Some 450,000 foreign learners have spent months waiting to resume their studies in the country, with border entries having ground to a halt since the onset of the Covid-19 pandemic. In late August, students hoping to return to China received the strongest signal yet that Beijing was ready for them, and by September, some two dozen countries – including the recent additions of India, Malaysia and Thailand – had received permission for their students to apply for a Chinese X1 study visa.
But even as Beijing appeared to have given the official go-ahead for students’ return, universities now seem to be the source of the bottleneck.
On social media, dozens of students said they were still waiting on their institutions for official papers. Times Higher Education spoke to students at six different Chinese universities, who agreed to talk under the condition they would not to be identified given concerns that this might disrupt their visa process.
One student at a Beijing-based public research institution, the University of International Business and Economics (UIBE), said it still was not giving some 60 overseas students the option to come to campus for in-person classes.
“First they were ignoring our emails for months…then they said that they’re not ready right now,” the student said, adding that the university noted “there’s a lot of students” wishing to return, so getting them back to China would take a “long time”.
A student at the University of Science and Technology of China, a public research institution in Anhui province, said administrators had explained that they could not provide visa documents until next semester.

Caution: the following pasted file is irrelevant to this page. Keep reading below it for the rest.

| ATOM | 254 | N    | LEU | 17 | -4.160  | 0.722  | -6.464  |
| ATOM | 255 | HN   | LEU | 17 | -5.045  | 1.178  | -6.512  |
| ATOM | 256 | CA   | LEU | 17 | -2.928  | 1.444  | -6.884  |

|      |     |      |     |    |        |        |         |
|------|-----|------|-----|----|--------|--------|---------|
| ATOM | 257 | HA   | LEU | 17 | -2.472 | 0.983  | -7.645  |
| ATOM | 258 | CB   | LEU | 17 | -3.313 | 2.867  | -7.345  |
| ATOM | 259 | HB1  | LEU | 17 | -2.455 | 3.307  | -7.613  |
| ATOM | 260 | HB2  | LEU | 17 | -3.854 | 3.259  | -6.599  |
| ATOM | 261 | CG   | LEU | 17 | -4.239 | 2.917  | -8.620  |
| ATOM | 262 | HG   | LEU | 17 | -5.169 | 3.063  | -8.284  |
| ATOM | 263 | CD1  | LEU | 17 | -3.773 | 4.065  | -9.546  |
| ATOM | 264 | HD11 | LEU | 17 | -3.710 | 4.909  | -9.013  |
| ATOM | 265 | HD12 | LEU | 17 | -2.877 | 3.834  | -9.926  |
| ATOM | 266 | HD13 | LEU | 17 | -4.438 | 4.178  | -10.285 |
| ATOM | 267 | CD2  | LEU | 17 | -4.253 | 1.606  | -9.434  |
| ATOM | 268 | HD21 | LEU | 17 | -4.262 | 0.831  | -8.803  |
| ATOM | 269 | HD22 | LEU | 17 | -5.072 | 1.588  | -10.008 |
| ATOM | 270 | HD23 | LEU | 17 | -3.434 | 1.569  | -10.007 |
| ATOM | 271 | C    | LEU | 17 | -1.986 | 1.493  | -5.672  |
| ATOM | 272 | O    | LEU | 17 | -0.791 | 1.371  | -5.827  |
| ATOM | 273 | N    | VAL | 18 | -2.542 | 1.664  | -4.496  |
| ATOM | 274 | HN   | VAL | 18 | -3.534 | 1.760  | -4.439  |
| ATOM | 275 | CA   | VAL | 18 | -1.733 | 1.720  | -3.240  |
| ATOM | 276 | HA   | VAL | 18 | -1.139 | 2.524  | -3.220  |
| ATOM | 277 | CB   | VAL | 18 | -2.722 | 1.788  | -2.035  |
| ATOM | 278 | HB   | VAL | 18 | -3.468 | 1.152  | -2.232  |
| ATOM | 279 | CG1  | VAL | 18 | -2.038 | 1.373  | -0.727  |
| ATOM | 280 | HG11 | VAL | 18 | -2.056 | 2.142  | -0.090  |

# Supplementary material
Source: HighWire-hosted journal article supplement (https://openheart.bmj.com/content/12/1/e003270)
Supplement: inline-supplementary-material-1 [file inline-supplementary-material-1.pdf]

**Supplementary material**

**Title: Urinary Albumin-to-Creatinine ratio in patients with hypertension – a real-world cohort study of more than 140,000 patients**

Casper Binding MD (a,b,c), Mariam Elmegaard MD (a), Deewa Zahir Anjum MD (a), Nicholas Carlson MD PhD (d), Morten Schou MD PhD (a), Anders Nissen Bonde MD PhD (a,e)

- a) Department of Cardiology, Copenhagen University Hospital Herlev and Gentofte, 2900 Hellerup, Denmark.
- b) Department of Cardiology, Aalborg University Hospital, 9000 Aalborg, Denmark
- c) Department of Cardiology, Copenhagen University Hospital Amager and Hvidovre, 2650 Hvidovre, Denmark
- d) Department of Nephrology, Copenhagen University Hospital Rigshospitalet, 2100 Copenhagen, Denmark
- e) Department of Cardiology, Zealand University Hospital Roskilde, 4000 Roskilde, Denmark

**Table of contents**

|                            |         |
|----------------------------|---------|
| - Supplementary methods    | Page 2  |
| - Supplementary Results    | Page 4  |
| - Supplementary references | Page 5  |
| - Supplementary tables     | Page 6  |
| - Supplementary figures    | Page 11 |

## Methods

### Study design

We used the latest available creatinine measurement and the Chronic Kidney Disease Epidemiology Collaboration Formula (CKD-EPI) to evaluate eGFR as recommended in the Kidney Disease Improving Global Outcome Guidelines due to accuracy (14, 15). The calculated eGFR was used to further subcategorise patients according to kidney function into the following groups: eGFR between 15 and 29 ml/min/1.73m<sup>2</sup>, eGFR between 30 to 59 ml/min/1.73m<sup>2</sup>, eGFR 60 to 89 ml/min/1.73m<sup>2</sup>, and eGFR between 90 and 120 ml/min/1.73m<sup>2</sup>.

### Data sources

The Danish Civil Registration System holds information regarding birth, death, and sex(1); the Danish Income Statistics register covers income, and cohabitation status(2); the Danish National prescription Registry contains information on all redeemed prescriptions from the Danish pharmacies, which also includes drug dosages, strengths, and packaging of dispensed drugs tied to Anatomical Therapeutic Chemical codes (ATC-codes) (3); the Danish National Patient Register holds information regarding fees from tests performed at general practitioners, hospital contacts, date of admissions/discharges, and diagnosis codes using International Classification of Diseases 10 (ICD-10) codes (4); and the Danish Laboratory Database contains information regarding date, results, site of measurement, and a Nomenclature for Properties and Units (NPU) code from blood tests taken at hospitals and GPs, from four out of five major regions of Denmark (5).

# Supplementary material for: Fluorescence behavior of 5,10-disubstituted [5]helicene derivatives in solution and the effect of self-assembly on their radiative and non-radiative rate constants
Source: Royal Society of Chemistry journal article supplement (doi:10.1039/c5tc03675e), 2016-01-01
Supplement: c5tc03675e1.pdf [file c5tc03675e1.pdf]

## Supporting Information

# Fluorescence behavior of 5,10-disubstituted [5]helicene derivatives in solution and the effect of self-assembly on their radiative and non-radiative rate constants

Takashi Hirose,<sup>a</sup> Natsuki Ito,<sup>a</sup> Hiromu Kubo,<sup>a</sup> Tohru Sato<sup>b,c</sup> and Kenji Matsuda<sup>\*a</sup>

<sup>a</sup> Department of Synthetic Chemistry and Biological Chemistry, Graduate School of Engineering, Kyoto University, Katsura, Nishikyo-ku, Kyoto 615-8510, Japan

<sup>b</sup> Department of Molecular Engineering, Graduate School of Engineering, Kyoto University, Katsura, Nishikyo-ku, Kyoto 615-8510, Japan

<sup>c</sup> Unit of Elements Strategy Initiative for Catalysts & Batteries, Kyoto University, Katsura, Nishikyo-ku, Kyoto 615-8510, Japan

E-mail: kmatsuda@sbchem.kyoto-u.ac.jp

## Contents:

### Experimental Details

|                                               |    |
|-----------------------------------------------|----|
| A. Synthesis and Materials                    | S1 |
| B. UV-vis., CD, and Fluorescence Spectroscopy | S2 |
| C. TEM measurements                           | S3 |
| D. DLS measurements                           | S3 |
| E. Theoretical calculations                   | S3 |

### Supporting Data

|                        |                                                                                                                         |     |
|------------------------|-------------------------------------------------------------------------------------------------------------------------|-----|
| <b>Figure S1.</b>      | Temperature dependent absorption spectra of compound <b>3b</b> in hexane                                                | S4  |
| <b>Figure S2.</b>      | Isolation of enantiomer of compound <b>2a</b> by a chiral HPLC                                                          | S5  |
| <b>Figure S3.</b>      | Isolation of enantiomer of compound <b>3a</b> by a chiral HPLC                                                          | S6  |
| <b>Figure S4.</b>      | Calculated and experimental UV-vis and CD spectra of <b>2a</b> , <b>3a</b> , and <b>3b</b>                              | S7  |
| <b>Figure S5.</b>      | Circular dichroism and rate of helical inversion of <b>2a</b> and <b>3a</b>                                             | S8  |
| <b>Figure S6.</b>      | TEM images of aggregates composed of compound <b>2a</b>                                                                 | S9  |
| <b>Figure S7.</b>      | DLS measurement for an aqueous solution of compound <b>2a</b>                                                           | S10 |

Another student at the institution said that “while the embassy has told me they’re ready to accept my visa application, I’m still waiting for the JW201 form” to apply for a study visa. Still, he believed the hold-up might not be the fault of administrators.
“The university has said that the documents are yet to be signed by the authorities, but that they’re willing to invite us as soon as that happens,” he said.
Students at the Ningxia Medical University and Jiangnan University also reported delays in getting documents from their institutions, as did a student at Shanxi University, who claimed that administrators had said they would be unable to receive overseas learners until winter.
Grace Zhu, China branch director at the higher education consultancy Bonard, told THEthat the problem appeared to be widespread.
“It is likely that many institutions are afraid to accept international students for the time being because of uncertainty about the domestic pandemic situation or the pandemic prevention policies of Chinese universities,” she said.
While “in principle, the government has relaxed the policy” for incoming overseas students, this might not translate directly into immediate arrivals, she said.
“The pandemic situation in provinces and regions where Chinese universities are located may directly affect whether the universities can provide the necessary documents to support international students,” said Ms Zhu.
She emphasised that while other countries were relaxing their pandemic restrictions, it was important to remember that China was still adhering to a strict “zero-Covid” policy.
“Welcoming international students to China does not mean that China [has] relaxed its pandemic prevention and control measures.”